2003/03/05

Roland interview on BBC World Service March 4, 2003

Jon Roland, President of the Constitution Society and webmaster of http://www.constitution.org was interviewed by reporter Monica Whitlock for a program analysing dictatorship for the 50th anniversary of the death of Josef Stalin March 5, 2003, which aired beginning at 16:30 GMT on BBC World Service March 4, 2003. The 15-minute program may be heard by going to http://www.bbc.co.uk/worldservice/programmes/analysis.shtml and clicking http://www.bbc.co.uk/worldservice/ram/analysis_tue.ram or entering pnm://rmv8.bbc.net.uk/worldservice/analysis_tue.ra. You may need something like RealPlayer to listen to it, which may be downloaded by going to http://www.real.com and clicking on the "Free RealOne Player" link.


Monica Whitlock is noted for her reports on events in the former Soviet Union. She was led to interview Roland by discovering his article, "Principles of Tyranny" at http://www.constitution.org/tyr/prin_tyr.htm.

Remarks on the annversary of the death of Josef Stalin

Josef Stalin has the unique honor of being perhaps the only 20th century figure for whom the anniversary of his death, rather than his birth, is celebrated. March 5, 2003, marks the 50th anniversary of his death, and on that day in 1953 the entire world breathed a sigh of relief when the word came out of Moscow.

Yet Stalin did not die on that day, or at least his legacy didn't. The old Spanish joke was to say every day, "Franco is still dead". The Russian version was, "Is Stalin dead yet?", and the joke was still being told when the Soviet Union collapsed in 1991.

During WWII Stalin discovered, if he didn't already know, that the best way to maintain political control over a country like the Soviet Union was to have an external enemy. Germany provided that enemy, but after it was defeated, Stalin needed to replace it, so he made an enemy of the West.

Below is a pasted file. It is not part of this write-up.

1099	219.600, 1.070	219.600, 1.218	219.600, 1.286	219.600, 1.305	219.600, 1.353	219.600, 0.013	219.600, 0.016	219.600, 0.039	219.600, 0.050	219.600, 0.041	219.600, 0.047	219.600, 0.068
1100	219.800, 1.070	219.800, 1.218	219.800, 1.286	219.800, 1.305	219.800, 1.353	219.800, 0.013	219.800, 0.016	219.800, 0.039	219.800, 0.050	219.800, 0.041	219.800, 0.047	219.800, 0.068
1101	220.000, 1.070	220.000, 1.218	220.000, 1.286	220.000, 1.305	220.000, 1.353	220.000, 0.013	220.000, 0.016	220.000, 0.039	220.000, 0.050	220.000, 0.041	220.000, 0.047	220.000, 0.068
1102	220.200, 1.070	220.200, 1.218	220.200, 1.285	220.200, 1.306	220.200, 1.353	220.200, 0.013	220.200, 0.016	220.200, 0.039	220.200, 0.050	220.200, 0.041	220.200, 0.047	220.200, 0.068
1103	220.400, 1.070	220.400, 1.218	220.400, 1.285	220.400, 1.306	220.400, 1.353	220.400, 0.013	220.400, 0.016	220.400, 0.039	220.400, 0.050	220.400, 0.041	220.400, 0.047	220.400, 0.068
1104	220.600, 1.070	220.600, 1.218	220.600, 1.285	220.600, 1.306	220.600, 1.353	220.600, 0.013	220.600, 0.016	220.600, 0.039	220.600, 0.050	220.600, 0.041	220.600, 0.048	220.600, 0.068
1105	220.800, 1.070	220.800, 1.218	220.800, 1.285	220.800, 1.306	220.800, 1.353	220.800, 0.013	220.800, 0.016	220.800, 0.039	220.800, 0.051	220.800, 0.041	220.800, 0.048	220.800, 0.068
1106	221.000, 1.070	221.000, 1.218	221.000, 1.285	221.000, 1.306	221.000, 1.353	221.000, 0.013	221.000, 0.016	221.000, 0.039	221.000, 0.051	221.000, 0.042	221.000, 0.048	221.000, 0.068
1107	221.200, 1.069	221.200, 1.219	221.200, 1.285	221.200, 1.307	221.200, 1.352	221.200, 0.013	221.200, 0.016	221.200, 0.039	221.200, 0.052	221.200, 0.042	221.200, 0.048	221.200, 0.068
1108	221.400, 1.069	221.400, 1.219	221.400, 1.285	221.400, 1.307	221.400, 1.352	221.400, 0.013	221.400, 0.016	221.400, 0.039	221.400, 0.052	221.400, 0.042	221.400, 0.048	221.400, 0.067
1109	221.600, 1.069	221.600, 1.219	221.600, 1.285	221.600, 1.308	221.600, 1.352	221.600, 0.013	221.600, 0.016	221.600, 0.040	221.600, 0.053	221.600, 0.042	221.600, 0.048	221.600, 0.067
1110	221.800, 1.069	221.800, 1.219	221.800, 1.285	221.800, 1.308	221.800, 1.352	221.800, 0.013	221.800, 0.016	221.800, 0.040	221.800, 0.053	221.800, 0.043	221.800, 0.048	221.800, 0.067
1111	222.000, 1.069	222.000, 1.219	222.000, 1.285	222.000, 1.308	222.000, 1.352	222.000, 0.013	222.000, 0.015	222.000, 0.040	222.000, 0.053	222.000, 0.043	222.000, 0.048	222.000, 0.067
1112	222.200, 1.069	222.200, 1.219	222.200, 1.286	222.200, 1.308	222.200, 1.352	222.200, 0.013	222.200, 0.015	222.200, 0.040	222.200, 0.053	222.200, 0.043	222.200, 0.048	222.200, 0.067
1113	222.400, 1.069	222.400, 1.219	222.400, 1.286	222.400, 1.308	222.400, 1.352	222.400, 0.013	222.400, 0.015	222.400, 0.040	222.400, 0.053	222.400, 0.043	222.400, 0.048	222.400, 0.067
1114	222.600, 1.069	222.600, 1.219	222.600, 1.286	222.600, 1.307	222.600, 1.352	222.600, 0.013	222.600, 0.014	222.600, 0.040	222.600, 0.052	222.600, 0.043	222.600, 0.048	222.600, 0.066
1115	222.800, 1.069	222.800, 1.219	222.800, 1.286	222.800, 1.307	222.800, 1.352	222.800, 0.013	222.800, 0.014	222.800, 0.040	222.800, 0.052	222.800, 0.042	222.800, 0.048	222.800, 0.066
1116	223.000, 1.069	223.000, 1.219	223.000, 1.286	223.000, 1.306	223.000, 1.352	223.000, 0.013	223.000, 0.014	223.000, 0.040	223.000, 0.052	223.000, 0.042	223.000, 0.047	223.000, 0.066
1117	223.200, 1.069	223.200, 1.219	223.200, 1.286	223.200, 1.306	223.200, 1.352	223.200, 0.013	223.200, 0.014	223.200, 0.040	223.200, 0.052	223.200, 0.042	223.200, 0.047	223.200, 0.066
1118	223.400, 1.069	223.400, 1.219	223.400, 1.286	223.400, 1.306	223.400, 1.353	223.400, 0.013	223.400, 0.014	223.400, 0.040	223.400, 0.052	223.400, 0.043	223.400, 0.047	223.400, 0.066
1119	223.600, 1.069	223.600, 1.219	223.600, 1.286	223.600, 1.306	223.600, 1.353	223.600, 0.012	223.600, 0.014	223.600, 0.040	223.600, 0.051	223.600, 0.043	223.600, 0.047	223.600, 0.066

And it wasn't just for his domestic purposes. He knew that the only way to make the West a credible enemy was to be a real enemy for them, and he set out to become that enemy. He succeeded brilliantly, and the result was the Cold War, the wars in Korea and Viet Nam, and the death and suffering of millions of people.

When Stalin died, he left the Soviet Union in the hands of people with blood on their hands, because he only allowed such people to rise in his system of governance. The result was they were too guilty to immediately reform their corrupt tyranny, and knew no other way to maintain control. It wasn't until Mikhail Gorbachev rose to power, with the sponsorship of Yuri Andropov, someone who had not been personally blooded, that reform could come. Gorbachev first replaced the old Stalinists with his own breed of technocrats, then called for "perestroika" and "glasnost". Today, the Soviet Union is just something on old maps. It fell in a nearly bloodless revolution the likes of which no one could have imagined in the days that Stalin ruled supreme and Orwell wrote his classic novel, Nineteen Eighty-Four.

But we still have to ask, "Is Stalin dead yet?" The answer remains to be seen.

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